"Electronic music can be like theater, and I am a character who tells a story." ___ DJ / electronic music producer and composer / new age creator / name: Deividas Jaroška / Vilnius / Lithuania.
Is electronic music - art?
I believe that anything we do can be art if we do it with style and passion. Electronic music is an art form, just like classical and pop music. It is the modern art of the 20-21st century. It is fun to experiment with - the creator has as much range of sound and timbre as the imagination allows.
Electronic music is considered rich in its subgenres. As an artist, do you feel that some electronic music is more supported than others?
Lithuania is a very interesting country. It differs from other European countries in that the listener and the dancer are more used to experimentation, and less direct functionality is needed. Of course, maybe it's different with club music. In other countries, electronic, academic, and concert music are more valued than in Lithuania. America has one sound, Europe another due to the culture, population, traditions, and micro scenes.
Is there a division between electronic and acoustic music?
No, I stopped feeling this difference when I started working with the Druskomanija festival and live instrumentalists, creating electroacoustic music. Two worlds intertwined. I realized that the young generation is very fond of electronic music and supports its inclusion in academic music. Nowadays, composers can also work with electronic instruments and computers.
What is your creative process?
It depends on the musicians themselves and their workflow. There are different disciplines - just like in painting, there are acrylic paints, oil paints, and many types of brushes. Some of them create while playing in the rehearsal hall as a group. In another group of musicians, there is someone with software, for example, Ableton, who has written a piece for MIDI instruments. Musicians remake it anew and rehearse it. There are plenty of methods.
Could you define how you create your compositions?
It depends on the project I'm working on and the function of the piece - whether it's lyrical work or music for the dance floor. On the dance floor, you can play both functionally and add a political message. I don't plan much, just let the music come together. But sometimes inspiration comes from somewhere else - an event or a feeling. Then the feeling dictates what the music will be, and who it will be for. As many ways as there are to make music, I try them all.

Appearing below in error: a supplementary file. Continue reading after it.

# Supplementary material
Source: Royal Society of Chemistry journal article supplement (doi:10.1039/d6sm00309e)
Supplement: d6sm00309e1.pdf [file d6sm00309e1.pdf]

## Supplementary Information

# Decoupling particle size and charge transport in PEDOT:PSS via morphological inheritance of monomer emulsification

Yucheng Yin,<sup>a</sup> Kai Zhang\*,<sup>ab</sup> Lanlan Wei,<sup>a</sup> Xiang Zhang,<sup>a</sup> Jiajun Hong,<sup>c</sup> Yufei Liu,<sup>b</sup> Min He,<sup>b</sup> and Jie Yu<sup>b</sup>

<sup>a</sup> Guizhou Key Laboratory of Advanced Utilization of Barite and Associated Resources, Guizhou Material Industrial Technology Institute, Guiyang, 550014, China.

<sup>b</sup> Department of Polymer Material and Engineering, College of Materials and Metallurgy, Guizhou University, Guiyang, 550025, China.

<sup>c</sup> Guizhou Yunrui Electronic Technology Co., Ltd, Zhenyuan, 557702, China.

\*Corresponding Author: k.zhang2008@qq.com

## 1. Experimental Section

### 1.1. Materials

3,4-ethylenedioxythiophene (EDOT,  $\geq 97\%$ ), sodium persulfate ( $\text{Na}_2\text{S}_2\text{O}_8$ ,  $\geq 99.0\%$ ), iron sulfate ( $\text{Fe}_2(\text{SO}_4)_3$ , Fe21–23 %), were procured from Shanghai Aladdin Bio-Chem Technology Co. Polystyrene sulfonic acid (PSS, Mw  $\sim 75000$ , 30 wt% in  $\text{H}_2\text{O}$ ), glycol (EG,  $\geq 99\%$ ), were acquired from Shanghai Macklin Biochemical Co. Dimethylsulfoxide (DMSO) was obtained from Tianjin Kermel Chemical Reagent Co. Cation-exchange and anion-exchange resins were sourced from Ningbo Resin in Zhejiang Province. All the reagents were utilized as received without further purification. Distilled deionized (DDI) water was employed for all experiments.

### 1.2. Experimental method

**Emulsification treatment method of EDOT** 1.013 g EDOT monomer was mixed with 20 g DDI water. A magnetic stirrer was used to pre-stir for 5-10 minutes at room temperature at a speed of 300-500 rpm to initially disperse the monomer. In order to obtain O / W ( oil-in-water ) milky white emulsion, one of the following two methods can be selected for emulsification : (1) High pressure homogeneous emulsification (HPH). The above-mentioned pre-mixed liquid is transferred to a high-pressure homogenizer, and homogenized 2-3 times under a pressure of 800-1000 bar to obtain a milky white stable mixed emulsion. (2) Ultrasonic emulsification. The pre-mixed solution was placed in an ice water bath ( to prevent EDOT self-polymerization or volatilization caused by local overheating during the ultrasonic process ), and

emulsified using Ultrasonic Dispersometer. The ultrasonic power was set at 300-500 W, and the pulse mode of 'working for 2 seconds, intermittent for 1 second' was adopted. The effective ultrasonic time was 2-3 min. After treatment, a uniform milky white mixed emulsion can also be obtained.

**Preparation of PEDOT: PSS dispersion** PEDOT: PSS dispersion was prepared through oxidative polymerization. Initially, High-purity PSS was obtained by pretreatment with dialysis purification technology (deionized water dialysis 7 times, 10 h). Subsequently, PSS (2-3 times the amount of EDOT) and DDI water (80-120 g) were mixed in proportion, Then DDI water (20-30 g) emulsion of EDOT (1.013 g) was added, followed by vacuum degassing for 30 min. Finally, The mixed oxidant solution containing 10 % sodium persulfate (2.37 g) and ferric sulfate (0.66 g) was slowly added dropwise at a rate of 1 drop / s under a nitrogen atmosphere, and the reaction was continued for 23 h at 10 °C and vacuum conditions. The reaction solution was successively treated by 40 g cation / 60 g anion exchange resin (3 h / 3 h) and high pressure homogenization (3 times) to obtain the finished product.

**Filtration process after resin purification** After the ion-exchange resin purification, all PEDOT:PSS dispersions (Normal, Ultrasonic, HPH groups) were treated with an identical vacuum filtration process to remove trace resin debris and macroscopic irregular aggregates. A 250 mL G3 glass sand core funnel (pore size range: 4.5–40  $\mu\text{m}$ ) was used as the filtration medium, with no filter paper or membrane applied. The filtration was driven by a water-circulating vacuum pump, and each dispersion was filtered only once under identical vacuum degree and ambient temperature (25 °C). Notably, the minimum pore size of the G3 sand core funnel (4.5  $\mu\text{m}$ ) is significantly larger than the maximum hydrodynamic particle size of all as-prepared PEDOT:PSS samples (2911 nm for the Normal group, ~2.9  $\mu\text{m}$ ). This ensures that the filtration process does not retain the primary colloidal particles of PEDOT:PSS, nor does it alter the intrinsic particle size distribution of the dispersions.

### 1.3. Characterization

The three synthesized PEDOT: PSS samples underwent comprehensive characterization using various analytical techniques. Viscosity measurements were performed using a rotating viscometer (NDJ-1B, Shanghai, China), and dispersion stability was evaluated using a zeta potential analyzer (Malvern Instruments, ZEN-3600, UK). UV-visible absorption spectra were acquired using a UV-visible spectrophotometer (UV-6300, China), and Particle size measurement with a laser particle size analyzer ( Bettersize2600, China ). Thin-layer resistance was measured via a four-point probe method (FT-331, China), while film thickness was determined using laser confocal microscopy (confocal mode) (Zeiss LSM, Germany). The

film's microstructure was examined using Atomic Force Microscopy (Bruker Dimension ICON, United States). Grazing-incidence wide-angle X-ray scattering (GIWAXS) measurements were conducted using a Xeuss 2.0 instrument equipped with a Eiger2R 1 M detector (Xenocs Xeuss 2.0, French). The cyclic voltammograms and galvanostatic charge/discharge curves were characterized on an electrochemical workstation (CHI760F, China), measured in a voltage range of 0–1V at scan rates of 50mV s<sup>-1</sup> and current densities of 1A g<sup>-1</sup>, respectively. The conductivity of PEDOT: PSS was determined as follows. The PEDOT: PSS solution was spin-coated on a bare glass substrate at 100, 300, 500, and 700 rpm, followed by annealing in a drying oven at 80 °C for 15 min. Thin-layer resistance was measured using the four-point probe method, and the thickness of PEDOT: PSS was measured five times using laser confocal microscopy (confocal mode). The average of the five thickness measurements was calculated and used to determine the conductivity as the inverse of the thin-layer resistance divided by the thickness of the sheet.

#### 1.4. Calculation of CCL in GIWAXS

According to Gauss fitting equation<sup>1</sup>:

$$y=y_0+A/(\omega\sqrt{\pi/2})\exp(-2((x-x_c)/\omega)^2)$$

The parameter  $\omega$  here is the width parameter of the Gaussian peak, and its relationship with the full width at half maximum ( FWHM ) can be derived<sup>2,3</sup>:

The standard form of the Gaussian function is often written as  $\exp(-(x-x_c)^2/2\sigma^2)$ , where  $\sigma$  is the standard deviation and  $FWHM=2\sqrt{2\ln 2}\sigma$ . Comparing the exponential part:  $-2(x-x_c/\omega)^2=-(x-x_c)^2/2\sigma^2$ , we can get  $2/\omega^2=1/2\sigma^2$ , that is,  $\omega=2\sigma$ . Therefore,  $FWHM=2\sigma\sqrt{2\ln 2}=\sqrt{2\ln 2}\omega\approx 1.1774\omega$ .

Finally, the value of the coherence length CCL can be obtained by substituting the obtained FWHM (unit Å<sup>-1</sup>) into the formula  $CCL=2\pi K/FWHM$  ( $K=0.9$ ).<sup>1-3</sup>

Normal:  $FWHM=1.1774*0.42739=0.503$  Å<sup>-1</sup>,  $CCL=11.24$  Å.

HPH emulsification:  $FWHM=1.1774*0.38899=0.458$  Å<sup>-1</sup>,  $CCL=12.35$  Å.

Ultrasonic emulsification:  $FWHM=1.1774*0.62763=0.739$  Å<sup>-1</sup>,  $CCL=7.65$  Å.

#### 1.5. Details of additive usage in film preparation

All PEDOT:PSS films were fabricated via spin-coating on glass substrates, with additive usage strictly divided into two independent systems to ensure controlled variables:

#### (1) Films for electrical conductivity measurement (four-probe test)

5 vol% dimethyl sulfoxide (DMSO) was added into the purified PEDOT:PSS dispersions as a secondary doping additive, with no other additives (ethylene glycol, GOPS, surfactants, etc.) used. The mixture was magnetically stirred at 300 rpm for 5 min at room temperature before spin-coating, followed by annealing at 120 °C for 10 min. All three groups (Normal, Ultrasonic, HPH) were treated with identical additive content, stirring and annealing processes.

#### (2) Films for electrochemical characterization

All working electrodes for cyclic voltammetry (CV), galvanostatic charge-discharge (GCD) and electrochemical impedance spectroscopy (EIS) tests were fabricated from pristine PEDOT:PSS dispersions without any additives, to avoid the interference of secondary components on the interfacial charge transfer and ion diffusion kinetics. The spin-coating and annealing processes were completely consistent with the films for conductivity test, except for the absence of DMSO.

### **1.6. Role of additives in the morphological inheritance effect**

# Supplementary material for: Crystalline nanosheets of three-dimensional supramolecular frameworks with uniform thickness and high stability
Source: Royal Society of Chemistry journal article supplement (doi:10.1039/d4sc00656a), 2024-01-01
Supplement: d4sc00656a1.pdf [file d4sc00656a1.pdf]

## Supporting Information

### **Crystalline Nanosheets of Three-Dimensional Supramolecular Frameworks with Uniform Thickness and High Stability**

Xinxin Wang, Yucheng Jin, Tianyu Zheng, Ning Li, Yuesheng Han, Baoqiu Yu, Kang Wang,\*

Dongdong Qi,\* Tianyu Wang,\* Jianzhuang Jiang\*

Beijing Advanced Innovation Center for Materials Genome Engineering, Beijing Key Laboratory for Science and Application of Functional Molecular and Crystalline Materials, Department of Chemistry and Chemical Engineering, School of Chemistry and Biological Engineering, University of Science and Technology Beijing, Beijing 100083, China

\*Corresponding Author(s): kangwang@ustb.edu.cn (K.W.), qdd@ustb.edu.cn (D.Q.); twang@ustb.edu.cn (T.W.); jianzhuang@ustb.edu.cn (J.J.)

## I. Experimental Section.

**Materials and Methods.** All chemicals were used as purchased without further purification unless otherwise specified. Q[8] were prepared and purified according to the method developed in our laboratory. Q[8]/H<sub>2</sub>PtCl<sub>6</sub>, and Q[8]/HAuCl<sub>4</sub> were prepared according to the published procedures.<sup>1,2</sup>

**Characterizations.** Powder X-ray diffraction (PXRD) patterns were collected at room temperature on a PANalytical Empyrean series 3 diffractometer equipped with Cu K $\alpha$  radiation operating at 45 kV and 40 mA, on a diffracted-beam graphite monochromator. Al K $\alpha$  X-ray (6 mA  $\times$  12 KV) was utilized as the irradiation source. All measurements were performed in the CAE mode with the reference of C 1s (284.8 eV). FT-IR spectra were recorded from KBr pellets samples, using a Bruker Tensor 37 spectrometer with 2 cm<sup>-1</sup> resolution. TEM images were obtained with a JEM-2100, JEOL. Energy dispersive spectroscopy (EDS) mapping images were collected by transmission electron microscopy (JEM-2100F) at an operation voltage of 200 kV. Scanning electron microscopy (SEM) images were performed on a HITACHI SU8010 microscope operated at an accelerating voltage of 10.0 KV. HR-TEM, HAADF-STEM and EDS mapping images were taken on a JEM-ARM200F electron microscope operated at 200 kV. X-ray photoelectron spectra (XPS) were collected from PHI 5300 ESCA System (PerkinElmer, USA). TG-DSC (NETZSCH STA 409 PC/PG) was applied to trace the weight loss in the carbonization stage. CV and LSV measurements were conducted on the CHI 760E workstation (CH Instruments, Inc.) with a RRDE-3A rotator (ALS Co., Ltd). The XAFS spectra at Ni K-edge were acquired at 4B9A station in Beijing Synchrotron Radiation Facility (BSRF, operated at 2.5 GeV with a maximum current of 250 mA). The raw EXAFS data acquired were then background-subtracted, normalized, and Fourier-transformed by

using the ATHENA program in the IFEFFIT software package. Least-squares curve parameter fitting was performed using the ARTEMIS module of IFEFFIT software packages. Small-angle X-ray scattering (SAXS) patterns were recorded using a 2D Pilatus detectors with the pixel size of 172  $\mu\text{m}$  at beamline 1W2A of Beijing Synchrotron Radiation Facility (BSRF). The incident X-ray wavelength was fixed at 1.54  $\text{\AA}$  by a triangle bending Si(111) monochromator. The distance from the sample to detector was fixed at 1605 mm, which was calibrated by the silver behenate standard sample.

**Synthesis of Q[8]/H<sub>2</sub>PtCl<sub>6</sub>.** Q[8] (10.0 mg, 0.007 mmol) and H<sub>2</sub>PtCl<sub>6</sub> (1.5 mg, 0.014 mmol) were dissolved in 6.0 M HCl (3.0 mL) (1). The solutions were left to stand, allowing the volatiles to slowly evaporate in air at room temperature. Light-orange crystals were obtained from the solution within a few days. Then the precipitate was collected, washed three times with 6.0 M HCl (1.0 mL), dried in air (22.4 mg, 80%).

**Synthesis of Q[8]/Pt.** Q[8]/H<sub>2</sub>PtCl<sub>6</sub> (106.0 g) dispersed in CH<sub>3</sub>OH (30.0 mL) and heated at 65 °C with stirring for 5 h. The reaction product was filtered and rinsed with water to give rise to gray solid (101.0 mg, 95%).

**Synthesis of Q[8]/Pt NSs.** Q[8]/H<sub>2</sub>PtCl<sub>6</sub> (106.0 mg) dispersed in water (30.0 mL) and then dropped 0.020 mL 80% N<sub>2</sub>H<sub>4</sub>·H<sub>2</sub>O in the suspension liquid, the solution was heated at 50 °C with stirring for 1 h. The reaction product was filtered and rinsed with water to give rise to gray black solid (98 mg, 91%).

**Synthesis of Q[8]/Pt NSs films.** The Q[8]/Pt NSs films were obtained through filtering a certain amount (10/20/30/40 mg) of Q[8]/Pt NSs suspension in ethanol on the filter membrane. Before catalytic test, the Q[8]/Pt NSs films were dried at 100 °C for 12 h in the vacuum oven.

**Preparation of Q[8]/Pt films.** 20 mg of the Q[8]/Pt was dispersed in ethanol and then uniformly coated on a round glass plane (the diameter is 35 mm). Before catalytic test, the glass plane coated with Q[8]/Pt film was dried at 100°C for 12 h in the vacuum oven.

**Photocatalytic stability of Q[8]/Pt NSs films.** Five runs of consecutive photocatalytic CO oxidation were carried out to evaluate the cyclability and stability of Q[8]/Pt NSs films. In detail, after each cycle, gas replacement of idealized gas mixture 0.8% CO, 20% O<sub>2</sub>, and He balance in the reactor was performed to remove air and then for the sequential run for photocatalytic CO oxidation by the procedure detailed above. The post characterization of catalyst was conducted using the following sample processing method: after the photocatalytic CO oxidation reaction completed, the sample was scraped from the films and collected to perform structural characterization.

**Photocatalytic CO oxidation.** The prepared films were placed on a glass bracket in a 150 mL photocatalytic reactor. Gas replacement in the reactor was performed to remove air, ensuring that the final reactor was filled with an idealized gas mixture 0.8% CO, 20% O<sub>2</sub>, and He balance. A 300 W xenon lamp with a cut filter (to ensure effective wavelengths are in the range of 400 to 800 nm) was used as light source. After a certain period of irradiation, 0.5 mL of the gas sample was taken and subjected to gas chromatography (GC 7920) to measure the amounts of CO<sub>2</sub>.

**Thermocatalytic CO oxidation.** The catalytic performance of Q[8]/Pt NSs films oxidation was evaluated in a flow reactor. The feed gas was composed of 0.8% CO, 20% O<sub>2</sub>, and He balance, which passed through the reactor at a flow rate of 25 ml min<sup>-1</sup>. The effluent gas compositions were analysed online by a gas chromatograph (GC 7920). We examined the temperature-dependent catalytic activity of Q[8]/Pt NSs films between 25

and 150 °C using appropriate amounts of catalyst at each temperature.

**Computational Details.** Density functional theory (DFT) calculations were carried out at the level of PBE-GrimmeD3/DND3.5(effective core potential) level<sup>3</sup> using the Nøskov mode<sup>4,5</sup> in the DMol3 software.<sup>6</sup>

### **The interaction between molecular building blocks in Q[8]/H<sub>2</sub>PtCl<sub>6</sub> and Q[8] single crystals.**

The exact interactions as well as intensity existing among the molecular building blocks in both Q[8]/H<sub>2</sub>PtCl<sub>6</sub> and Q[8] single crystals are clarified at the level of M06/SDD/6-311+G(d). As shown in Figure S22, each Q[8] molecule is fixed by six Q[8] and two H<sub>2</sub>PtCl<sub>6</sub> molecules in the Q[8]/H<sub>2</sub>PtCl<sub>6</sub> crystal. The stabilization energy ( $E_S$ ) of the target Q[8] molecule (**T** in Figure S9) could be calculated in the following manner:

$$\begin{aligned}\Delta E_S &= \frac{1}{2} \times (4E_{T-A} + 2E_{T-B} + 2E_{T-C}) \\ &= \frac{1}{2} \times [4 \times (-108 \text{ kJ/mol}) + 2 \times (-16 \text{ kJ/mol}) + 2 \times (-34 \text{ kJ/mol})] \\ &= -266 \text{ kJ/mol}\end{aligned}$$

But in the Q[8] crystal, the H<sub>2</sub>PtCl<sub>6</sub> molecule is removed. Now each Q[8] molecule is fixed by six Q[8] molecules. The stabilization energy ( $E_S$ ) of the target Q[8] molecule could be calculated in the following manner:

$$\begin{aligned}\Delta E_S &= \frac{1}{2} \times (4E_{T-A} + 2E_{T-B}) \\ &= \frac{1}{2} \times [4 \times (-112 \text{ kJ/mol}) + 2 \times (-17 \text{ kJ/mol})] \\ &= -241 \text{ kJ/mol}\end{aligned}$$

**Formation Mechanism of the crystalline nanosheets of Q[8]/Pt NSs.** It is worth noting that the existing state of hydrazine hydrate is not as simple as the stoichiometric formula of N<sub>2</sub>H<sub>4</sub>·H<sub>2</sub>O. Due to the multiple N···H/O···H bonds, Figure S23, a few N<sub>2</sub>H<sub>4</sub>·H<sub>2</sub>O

How important for you is to represent Lithuania while performing abroad?
Since I create art in Vilnius, I am a citizen of Lithuania, and every trip abroad is a presentation of the sound of Lithuania. Of course, I don't do it directly, I don't necessarily have to use Lithuanian folk, folklore, or national things, but I incorporate what the scene is like in Vilnius, Kaunas, and other cities. I think it's self-evident - I live in a certain place, I go to concerts there myself, I meet other artists, and we inspire each other. We remix each other. Original ideas are long gone, everything is an original rendering of an already-invented idea. I emphasize this in my works of art. When I was in China, we made a Lithuanian dance case, created a soundtrack, and played in a club. I learned how the Chinese view copyright and such. There, since ancient times, since the advent of paper, copying has been ingrained in their culture. You must become just like your master and even better. First, you have to copy the product almost perfectly, so that it is impossible to distinguish the replica, and then you add your own. I brought that attitude from China, and I apply it. For some, we use a few seconds of music from different corners of the world.
You don't shy away from showing your vulnerability, movement, and attitude while performing. How does that affect your audience?
People are attracted to it because if everyone did it, it wouldn't be interesting. It comes naturally to me. Before making music, when I was very young, the first after-school activity I attended was dance. I let the music take over my body. Character creation is important to me. When I play at home or with friends, I look different than I do today. Today we are creating a certain character unique to this place. I have different projects. Originally presented as an anonymous project, Karkasas has now remained a mystery project with a beekeeper dressed in black coming in and doing who knows what on stage. I always liked bands like Queen, Guns N' Roses, and Led Zeppelin. They are all living characters with their own costumes and personalities. I want to bring rock energy to electronic music. Electronic music can be like theater, and I am a character who tells a story. It's a game to me. If someone is very focused on playing, it can look interesting too. The DJ meditates while the crowd goes insane. They are standing with a calm faces, and the sound is complete chaos. It's not good only when you see someone onstage trying to be someone else. We notice it very well. When I create, I do it to inspire others to be themselves. I'm always on the spot, a person who plays everything. But you might be a different person. Show yourself, instead of trying to be another Adam Beyer.